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Poughkeepsie Journal—Thursday, May 9, 1974

Long, Colorful History

By MIMI McANDREW
Journal Staff Writer

Poughkeepsie's railroad bridge has along and colorful history, including a reported death-defying leap by dare devil Steve Brodie in 1888.

Although the Brodie story has been subjected to some skepticism, various reports indicate that Brodie, already famous for a successful leap off the Brooklyn Bridge, did the same thing in Poughkeepsie.

The old Poughkeepsie, Daily Eagle, predecessor of the Journal, reported in 1888 that Brodie leaped from the bridge, was rescued by some friends in a rowboat, and taken to New York to recover.

The railroad bridge was the first bridge across the Hudson below Albany and was one of the engineering wonders of the 19th century.

It was originally planned as a suspension bridge but was finished as a cantilever structure.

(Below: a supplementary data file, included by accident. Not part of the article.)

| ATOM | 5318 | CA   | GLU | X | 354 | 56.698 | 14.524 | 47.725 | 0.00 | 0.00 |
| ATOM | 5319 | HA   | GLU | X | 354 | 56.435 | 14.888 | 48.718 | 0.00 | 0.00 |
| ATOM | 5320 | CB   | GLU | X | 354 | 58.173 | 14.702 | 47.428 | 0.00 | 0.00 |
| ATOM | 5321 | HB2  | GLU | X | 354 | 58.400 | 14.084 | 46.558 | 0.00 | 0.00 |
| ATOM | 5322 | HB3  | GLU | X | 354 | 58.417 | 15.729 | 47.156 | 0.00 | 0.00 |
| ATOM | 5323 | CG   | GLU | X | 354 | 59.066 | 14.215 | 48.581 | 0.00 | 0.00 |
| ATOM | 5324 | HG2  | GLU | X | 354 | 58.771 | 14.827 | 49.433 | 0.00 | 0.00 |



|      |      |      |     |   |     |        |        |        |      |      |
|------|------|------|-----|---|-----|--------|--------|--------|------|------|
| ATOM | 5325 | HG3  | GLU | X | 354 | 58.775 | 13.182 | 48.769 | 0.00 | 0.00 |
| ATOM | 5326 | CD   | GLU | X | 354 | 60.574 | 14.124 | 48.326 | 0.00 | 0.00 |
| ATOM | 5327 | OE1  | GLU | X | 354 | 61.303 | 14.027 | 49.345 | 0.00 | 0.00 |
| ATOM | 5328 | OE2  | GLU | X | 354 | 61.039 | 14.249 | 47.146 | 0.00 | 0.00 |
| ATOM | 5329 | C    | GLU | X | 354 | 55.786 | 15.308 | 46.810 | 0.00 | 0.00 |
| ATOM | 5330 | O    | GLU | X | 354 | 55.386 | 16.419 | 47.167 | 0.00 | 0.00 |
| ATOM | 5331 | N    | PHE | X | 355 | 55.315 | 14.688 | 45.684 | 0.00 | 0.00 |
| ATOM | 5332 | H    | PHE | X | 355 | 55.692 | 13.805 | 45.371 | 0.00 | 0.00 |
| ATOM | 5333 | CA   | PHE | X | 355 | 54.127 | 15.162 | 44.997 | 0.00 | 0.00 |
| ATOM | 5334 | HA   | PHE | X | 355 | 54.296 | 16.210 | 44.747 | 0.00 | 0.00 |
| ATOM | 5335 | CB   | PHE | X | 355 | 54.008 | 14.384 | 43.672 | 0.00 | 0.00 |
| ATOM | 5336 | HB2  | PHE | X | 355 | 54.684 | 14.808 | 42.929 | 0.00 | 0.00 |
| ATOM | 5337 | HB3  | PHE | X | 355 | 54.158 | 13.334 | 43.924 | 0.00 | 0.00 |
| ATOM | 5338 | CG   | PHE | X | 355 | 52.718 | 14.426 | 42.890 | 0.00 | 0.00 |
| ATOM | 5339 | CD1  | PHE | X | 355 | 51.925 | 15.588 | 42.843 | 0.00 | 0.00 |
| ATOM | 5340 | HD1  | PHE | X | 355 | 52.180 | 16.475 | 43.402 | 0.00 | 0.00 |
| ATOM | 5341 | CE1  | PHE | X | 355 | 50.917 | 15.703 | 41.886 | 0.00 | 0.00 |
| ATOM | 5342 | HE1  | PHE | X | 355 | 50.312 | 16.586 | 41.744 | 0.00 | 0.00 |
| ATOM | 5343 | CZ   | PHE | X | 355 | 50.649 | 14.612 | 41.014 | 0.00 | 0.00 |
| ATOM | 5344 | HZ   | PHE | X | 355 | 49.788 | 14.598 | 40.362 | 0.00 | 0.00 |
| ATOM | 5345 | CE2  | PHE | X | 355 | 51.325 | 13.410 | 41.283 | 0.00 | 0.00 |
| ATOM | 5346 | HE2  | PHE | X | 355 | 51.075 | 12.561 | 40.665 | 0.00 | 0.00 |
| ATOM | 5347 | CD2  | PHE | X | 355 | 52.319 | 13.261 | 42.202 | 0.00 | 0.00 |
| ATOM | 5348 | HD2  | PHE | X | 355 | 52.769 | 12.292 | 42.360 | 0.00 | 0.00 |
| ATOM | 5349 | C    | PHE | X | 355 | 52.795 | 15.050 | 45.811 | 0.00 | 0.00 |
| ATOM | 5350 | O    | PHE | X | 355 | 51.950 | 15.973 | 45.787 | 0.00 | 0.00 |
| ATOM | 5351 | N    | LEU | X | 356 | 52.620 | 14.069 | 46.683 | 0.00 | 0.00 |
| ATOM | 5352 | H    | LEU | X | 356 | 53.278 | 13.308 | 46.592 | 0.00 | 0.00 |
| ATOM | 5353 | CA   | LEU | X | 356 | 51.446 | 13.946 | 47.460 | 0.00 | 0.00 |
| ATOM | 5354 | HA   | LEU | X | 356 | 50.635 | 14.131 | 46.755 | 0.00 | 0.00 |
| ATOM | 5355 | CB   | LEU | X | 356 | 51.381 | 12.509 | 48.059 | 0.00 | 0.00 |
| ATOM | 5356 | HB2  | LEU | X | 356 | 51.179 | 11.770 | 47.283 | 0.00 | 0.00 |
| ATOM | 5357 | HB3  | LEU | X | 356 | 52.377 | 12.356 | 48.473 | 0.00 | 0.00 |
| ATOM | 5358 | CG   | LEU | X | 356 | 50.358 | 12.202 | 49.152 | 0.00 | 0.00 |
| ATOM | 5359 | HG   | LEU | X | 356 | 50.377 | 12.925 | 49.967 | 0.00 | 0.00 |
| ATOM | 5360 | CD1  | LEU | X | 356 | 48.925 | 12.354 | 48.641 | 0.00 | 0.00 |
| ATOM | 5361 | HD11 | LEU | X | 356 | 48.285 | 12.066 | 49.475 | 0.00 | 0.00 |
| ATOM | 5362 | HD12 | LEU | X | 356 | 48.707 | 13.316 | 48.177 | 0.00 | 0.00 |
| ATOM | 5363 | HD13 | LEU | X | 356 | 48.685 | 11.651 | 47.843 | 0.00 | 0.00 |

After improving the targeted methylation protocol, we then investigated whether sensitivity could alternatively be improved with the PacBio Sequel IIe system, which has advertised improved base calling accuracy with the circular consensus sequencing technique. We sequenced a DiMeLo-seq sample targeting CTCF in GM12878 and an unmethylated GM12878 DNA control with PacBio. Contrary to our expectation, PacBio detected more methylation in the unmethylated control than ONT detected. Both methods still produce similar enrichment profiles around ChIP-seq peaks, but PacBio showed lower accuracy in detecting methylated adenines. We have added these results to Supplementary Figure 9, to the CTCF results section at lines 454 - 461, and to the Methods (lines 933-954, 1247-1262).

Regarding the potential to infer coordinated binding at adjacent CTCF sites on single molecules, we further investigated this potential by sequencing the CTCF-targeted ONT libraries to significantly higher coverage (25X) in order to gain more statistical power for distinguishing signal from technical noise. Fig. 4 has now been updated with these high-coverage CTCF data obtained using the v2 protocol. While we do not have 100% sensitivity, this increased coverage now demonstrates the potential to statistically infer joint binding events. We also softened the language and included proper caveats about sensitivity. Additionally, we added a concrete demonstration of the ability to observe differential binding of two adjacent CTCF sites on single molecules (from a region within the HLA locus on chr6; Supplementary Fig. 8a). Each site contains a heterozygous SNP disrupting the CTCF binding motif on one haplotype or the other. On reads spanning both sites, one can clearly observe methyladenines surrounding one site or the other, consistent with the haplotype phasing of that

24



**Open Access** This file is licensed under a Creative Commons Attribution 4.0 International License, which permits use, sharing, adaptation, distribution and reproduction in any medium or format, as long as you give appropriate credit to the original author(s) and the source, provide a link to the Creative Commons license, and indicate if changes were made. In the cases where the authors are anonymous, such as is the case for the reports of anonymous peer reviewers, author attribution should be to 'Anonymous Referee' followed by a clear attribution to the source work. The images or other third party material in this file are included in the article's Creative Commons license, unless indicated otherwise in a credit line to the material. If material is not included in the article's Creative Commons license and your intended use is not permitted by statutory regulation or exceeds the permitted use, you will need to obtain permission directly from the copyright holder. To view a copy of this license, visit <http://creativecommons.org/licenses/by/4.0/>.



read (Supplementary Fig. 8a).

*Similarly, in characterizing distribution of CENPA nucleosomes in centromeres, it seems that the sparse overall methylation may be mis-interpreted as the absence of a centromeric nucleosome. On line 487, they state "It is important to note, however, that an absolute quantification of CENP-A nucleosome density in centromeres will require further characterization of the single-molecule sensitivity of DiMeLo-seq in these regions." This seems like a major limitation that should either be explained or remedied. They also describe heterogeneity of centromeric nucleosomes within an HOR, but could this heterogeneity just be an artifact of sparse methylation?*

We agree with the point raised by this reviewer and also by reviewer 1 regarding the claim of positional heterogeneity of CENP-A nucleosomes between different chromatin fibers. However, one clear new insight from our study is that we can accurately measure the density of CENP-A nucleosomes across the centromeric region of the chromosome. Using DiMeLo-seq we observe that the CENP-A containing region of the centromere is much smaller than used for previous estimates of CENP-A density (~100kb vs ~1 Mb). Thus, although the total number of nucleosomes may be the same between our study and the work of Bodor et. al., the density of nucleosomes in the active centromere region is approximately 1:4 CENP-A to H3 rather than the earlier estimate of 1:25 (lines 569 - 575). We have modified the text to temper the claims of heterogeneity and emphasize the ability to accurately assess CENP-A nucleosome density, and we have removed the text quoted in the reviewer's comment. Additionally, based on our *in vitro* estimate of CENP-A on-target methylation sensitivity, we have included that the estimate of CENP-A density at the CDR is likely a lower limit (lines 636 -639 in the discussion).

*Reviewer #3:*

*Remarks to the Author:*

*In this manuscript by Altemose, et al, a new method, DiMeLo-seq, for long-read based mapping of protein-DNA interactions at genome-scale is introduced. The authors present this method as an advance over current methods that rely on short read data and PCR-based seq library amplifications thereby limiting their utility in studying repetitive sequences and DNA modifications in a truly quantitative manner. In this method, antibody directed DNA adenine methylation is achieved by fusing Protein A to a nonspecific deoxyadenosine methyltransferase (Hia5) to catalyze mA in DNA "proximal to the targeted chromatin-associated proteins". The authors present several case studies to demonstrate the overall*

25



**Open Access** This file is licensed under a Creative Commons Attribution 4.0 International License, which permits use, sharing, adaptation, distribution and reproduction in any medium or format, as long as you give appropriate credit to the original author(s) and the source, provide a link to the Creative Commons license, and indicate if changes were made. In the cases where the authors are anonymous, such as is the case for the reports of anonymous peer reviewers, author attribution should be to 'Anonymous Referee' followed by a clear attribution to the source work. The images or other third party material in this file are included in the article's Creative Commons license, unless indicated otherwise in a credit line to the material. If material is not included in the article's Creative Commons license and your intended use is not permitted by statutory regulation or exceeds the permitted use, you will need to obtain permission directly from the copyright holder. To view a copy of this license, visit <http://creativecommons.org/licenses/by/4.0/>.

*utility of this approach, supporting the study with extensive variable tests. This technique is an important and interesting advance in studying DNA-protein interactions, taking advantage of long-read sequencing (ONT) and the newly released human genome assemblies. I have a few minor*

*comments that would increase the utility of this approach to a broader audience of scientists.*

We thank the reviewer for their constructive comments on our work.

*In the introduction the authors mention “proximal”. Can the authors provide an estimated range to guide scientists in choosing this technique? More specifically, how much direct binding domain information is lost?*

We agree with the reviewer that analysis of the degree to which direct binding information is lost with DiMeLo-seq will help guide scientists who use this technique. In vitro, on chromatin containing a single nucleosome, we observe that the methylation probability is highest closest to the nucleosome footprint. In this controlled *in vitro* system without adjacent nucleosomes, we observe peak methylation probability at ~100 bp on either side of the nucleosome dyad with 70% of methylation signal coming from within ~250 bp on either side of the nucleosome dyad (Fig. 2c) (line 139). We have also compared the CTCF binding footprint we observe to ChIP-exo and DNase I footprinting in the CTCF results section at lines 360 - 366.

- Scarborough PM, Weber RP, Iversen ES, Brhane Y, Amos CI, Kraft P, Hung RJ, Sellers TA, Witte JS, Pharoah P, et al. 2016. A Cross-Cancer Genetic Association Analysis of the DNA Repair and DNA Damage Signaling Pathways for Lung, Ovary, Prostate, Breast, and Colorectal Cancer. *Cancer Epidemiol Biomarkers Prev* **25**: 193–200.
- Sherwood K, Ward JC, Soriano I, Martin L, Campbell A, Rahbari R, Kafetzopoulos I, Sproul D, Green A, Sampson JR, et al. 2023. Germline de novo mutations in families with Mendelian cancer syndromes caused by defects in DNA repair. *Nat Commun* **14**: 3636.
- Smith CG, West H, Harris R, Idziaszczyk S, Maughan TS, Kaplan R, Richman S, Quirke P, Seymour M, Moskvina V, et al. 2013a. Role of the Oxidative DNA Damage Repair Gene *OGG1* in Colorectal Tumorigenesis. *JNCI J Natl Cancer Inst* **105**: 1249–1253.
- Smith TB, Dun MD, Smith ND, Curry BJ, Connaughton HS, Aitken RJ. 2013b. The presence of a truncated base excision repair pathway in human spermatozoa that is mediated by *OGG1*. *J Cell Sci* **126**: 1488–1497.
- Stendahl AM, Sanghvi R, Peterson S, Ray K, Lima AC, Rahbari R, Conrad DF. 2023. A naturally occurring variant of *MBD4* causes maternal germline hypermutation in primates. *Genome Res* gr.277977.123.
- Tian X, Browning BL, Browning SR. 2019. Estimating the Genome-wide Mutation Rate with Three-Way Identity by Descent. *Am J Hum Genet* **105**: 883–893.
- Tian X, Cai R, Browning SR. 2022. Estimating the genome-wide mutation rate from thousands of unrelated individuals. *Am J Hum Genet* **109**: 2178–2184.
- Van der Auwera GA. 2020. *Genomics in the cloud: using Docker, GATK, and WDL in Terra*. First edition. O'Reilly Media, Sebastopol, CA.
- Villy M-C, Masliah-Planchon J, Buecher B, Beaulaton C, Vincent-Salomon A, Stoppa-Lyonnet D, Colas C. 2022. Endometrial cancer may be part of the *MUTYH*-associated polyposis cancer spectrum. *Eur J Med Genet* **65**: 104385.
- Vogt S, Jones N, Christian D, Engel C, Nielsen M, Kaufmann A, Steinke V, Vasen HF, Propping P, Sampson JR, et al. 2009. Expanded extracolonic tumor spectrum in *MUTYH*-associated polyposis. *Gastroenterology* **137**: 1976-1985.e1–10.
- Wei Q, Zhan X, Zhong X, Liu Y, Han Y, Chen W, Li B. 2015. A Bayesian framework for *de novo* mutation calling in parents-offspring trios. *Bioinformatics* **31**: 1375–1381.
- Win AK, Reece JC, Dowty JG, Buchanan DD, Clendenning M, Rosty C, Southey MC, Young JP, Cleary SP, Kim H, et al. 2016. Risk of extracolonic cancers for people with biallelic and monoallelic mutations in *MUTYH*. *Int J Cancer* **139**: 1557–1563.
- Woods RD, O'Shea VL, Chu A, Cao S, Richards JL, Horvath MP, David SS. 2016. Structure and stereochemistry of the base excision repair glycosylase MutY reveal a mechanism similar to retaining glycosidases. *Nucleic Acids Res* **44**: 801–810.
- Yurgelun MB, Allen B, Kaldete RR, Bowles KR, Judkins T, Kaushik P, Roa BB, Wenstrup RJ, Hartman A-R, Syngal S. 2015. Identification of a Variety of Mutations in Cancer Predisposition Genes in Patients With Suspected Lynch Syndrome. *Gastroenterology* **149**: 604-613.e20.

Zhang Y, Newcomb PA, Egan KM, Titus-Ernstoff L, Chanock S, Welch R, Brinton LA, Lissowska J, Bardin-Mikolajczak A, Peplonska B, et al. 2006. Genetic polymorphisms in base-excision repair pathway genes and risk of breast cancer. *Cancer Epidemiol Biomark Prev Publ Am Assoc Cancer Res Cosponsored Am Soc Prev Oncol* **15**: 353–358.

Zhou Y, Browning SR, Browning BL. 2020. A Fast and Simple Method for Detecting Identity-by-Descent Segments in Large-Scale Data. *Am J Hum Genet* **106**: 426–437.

'Great Hope'

It was called the "great hope" by its boosters in the 19th Century but never lived up to its promise of bringing Poughkeepsie's. population to the 50,000 mark.

The bridge was completed at the end of December 1888 and took 20 years to build.

The first charter for the bridge passed the State Legislature in 1871, but was amended a year later to allow piers in the river. The cornerstone was laid in 1873. Work by, the American Bridge Co. began in 1876 and a year later the first caisson was launched.

Charter Fight

Work began for a third time on the bridge in 1886. Work progressed rapidly but in 1887 a great fight developed in the Legislature for an extension of the charter.

The last pin, making the bridge complete from shore to shore, was driven on Aug. 29, 1888. The first train crossed the bridge the following month.

In 1912 when the railroad began using Sante Fe, a heavier engine, the bridge was strengthened. The Penn Central received the bridge as part of its merger when it was forced to acquire the New York, New Haven and Hartford Railroad.


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